Tracing dialogues

Maroochydore, Queensland.

School holidays bring children, squealing and shouting, to the fish tanks of Maroochydore’s Underwater World. Ignoring signs explaining how sensitive fish are to sound, boys bang hard on the windows. They demand some kind of performance. And in a room specially darkened for deep sea spiders, their parents’ cameras flash repeatedly. They flash to look longer at the length of the spider legs and to yell when they see them flinch.

Writer Bill Green has observed a lake beneath Antarctic ice. He describes his attempts to retrieve particles of vital interest to science. He dances like calligrapher Vikki Quill, who connects with the landscape through the fibers of her brush. No line exists, it seems, to separate either, from the natural world they observe.

I began to raise the pole. I felt the leg touch the bottom of the ice sheet. I could almost sense the texture of the ice, its smoothness, twelve feet below. It was as though the organic fibres of the bamboo were feeding into the circuitry of my own arm. It was as though my fingers were tracing along the underside of the sheet. (Bill Green, Particles. in The Antarctic – volume 2 in The Ends of the Earth: An Anthology of the Finest writing on the Arctic and Antarctic. Ed. Francis Spufford 2007 p. 205)

I am amazed how differently humans relate, or not, with the natural world.

Sharks, I was told at Underwater World, sense traces of fish who have passed by many hours before in the ocean. How they sense traces of these events is not understood. Some electrical sense was suggested.

In our own little ocean of human existence, through what sense do we trace events? In our moments engaging with others, are we each having different encounters? What sense is at play as you read this? What sense is at play as I write? What thoughts and feelings arise within, reflecting on how fish sense? How do I identify as part of the natural world?

Scientists say waves and particles both describe light transmission. They cannot say light is one thing or the other. Both models work for measuring: waves for knowing the speed of photons, particles for knowing their positions. Light particles and waves are theoretical constructs of things we can measure but cannot see or touch.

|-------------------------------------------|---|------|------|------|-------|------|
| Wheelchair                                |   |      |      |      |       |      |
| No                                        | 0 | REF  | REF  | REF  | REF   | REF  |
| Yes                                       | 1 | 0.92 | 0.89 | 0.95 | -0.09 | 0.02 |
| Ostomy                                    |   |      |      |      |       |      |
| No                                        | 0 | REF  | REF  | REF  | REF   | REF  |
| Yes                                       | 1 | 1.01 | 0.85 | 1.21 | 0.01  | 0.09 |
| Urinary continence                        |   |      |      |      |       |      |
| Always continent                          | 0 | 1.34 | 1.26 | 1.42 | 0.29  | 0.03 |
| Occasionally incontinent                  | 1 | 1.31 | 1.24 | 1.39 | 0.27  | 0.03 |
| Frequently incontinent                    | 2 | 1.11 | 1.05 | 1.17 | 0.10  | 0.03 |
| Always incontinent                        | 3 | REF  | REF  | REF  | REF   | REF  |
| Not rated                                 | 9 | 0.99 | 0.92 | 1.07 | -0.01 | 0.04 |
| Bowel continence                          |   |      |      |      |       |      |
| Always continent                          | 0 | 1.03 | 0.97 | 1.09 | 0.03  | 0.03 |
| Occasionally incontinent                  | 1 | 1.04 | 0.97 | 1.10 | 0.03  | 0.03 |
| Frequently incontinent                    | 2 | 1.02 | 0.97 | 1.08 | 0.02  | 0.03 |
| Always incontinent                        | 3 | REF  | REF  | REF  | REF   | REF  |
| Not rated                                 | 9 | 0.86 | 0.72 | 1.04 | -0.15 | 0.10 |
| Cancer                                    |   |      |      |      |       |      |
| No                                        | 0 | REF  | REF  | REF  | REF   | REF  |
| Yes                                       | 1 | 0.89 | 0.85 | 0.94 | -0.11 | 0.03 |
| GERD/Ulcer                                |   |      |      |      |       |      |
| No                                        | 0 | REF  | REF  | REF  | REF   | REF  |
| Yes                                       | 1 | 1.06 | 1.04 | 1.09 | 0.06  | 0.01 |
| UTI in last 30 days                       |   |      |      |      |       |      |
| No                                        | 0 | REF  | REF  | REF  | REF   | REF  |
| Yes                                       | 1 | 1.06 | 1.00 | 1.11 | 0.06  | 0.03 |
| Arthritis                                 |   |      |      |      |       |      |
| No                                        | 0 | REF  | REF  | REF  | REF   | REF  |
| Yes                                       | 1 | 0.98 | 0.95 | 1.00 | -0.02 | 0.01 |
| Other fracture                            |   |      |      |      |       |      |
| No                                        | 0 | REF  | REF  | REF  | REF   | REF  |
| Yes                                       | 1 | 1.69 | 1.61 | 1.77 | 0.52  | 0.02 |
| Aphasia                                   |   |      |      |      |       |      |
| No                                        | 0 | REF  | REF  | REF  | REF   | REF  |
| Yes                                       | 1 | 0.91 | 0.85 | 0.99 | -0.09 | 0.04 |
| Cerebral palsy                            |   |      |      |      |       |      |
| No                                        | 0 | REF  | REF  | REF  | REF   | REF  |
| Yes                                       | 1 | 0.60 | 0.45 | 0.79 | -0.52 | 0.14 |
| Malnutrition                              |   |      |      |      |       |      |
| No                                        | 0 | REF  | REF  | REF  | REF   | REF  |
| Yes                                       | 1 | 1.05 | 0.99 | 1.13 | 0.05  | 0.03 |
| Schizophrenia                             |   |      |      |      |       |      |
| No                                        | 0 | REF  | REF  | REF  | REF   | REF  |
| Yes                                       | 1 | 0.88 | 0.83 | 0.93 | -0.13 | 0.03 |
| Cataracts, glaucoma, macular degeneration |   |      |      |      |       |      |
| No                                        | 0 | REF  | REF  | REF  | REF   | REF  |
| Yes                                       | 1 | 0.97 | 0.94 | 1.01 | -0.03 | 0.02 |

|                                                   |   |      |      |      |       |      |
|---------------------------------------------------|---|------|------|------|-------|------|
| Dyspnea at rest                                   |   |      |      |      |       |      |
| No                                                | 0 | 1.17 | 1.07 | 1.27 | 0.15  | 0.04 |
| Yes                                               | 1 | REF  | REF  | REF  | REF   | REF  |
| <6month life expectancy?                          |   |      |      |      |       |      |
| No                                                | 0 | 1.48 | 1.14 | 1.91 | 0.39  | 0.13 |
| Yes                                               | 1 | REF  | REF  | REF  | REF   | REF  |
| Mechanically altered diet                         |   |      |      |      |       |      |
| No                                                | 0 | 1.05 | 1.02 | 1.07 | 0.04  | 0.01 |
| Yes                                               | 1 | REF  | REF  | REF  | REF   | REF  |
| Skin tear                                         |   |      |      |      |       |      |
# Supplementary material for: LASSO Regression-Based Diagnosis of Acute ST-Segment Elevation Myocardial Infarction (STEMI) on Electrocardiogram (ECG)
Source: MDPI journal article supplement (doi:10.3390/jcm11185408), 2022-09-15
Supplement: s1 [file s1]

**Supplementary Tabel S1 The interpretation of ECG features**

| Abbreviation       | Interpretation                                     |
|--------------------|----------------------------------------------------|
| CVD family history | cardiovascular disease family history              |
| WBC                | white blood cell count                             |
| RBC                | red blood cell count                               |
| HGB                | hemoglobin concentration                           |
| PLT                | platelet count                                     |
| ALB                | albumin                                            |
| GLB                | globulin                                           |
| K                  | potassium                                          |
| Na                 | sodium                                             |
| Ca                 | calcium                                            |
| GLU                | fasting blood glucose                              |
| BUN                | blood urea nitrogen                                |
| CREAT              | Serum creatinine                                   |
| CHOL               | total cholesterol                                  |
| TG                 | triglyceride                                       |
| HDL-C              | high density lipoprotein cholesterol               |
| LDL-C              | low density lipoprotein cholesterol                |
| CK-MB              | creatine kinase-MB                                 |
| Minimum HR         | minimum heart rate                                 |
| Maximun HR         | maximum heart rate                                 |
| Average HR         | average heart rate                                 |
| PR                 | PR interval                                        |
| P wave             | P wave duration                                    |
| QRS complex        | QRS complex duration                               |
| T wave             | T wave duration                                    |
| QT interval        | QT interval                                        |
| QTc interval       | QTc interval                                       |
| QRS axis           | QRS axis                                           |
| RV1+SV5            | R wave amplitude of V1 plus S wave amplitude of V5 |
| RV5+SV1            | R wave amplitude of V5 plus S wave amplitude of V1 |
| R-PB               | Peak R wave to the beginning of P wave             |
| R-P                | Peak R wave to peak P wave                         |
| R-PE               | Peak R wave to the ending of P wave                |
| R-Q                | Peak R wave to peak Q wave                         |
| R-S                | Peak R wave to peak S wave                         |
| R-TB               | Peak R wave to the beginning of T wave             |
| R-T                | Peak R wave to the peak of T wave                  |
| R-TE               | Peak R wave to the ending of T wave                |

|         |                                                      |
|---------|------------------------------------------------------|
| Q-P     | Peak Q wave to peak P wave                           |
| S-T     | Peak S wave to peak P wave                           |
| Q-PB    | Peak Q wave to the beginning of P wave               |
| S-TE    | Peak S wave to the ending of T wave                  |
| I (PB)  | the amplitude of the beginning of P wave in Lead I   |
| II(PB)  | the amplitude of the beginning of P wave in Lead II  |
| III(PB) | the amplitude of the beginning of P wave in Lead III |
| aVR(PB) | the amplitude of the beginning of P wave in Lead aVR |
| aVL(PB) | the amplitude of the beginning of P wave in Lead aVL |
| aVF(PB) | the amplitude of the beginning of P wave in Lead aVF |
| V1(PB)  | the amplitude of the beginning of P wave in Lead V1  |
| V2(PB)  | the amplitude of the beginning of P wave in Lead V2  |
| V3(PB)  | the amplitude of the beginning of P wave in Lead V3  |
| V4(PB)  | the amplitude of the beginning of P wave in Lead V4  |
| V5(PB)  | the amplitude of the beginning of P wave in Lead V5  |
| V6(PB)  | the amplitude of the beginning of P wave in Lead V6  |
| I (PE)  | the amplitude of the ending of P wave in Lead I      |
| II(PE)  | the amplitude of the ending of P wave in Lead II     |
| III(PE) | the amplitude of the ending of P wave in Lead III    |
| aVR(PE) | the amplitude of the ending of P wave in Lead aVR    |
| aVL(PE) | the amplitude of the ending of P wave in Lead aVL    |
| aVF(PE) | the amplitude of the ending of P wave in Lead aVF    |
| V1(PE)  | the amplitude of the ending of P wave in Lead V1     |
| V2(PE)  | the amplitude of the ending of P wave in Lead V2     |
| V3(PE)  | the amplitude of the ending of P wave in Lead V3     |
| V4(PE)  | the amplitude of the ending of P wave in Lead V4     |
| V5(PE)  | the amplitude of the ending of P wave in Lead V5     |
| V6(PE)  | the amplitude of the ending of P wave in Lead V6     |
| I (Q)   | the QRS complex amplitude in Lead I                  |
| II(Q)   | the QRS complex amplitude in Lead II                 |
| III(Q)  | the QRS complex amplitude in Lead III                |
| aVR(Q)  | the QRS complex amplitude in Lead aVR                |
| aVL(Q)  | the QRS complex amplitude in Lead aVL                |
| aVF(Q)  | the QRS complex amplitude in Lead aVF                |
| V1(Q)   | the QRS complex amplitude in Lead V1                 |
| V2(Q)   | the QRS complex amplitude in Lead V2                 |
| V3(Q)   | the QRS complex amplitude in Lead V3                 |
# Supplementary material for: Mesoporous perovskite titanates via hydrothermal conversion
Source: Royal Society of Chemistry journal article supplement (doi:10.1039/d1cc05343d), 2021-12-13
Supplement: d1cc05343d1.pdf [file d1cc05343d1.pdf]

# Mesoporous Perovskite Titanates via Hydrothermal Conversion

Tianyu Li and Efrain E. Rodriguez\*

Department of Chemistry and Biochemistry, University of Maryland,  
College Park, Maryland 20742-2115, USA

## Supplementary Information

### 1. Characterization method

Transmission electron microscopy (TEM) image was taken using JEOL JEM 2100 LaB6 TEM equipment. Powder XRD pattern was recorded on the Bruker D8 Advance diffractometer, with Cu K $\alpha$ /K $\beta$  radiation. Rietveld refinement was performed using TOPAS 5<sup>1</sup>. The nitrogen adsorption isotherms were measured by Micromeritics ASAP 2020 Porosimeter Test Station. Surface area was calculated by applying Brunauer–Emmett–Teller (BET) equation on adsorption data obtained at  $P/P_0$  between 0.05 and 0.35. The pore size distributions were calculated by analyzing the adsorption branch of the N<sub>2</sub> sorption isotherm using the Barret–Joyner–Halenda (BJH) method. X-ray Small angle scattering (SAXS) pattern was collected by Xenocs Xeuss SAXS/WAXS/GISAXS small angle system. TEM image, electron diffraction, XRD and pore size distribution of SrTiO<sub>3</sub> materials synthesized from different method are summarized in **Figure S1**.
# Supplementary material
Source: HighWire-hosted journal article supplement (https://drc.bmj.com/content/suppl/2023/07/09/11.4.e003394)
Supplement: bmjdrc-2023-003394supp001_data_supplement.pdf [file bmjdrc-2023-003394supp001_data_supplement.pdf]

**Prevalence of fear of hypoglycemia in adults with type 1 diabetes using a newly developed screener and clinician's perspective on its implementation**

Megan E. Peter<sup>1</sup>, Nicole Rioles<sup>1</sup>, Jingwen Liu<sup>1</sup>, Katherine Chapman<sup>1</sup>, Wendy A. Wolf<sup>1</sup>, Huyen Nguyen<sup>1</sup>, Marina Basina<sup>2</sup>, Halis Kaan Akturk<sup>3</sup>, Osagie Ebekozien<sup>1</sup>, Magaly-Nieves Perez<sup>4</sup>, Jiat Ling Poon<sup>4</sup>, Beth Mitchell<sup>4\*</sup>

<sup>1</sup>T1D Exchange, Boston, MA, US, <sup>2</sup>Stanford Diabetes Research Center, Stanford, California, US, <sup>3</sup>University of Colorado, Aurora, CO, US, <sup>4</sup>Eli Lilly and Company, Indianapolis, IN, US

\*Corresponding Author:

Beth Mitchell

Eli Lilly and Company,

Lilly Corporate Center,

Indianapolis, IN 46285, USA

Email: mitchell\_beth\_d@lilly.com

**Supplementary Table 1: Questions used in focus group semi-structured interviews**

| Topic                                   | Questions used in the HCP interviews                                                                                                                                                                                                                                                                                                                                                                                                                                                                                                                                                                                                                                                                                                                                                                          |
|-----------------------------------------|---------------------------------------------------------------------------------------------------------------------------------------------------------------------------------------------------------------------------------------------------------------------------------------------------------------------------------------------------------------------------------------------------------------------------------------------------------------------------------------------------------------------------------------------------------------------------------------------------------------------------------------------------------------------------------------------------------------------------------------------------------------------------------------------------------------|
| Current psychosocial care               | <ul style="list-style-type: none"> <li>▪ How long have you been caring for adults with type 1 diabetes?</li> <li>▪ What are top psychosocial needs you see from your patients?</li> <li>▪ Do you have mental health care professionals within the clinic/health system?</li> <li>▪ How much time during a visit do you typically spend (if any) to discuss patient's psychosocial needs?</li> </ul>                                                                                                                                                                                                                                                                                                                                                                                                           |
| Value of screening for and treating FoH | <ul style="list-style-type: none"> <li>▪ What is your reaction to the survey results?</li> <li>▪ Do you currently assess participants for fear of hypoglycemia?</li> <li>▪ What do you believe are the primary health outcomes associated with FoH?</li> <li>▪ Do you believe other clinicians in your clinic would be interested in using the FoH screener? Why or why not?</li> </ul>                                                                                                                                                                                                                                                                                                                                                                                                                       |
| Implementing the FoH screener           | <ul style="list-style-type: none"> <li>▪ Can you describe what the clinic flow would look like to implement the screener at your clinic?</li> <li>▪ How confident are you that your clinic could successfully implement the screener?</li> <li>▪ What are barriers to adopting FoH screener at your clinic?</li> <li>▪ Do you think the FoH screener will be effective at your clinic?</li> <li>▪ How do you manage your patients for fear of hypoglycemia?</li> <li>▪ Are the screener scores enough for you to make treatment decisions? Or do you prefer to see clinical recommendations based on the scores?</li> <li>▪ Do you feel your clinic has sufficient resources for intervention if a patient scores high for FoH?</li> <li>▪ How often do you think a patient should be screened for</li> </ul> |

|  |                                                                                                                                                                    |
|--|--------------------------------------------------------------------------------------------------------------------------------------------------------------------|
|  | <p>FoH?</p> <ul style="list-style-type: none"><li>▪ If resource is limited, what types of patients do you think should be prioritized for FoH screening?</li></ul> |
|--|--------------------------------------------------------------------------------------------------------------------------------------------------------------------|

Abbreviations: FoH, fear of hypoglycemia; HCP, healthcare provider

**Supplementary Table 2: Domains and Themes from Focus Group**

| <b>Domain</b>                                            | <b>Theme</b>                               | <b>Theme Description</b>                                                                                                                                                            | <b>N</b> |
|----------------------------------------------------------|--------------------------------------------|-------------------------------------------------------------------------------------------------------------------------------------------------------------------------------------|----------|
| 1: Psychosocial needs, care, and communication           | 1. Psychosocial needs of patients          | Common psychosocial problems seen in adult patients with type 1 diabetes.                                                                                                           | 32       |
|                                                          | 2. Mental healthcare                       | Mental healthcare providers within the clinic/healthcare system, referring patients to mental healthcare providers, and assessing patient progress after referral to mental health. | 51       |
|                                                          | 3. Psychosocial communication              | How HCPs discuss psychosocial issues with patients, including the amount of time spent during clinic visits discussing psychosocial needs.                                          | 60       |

I reflect on the shark in his natural environment, as opposed to the tank where I saw him. I imagine his form as part of a pattern, in a world described by waves and particles, vibrating and overlapping.

Considering light as an energy that forms and transforms matter, I animate patterns of dots and lines, to trace energy through matter. The lines and dots represent transmission, some kind of signals, thoughts. This is imaginative speculation, not science, that resonates with coincidence.

Ideas of our selves as endangered species are floating around in our minds. Ideas float around the internet, and radio and TV. Do they float around in other ways too?

Siobhan Davies describes the human form as an Endangered Species . Before seeing this work I had composed a similar dancing figure.

Bill Green describes the oceans as awash with myriad particles. I imagine the whole material world resonating, connecting.

Drawn down to the sea from rocky landscapes above are particles of earth, and of clays, of oxides of iron and manganese, of flakes and platelets of calcite. Cells of myriad organisms are sinking and changing. They are floating within an “earth-wide storm, that has in great measure removed metals from the sea,” (Green, 205). Changes wrought by humankind are diminishing the power of the sea to cleanse the toxins we pour into it. We are all of us now, whether humans or diatom, endangered species together.

Sense of scale is confounds in my mind as cellular patterns merge with patterns of earth seen from space. Changes in the tiniest organisms and in the largest continents are now visually tracked. Information about our world is instantly transmitted globally. Never before have we seen so much. But how little we know.

What knowledge do fish have of the changing sea, changes in sound and temperature? Changes in location and proliferation of life forms indicate change in their environments.

Within our human forms, like diatoms, I envisage internal circuitry: electrical currents vibrating, responding to changing environments.

Artist-animator Len Lye believed we each posses an Old Brain, a remnant from our early evolution. The Old Brain is a repository of ancient knowledge, accessible through symbols that emerge visually when doodling. On some primitive level, he believed, we can access pre-verbal knowledge when we are improvising. He explored improvisation in movement and sound, as well as with images. He composed music and animation.

Phil Dadson improvises with objects, images and sounds gathered in different environments. At the Sur Polar event in Buenos Aires last March he performed live, with sound and video material recorded in Antarctica. It’s textures and rhythms evoked a sense of a privative ‘voice’, resonating from the landscape. Improvising live to this prepared material, he set up a further dialogue, in a sense, with the ancient landscape’s voice, and himself in the moment of performing, playing with Antarctic rocks as percussion instruments. A recording of this moment, and a conversation, through drawings, with some local children about their life in Buenos Aires, provided material for an animated dialogue.

Responding through improvisation to Antarctica, some have found similar symbols: circles, coils, and radiating stars.

I have imagined the scientific models used to measure light as material co-existences of dots and lines. They can be read as the matrix through which consciousness flows between our connecting Old Brains, within Jung’s shared unconscious mind, or wondrous world wide web.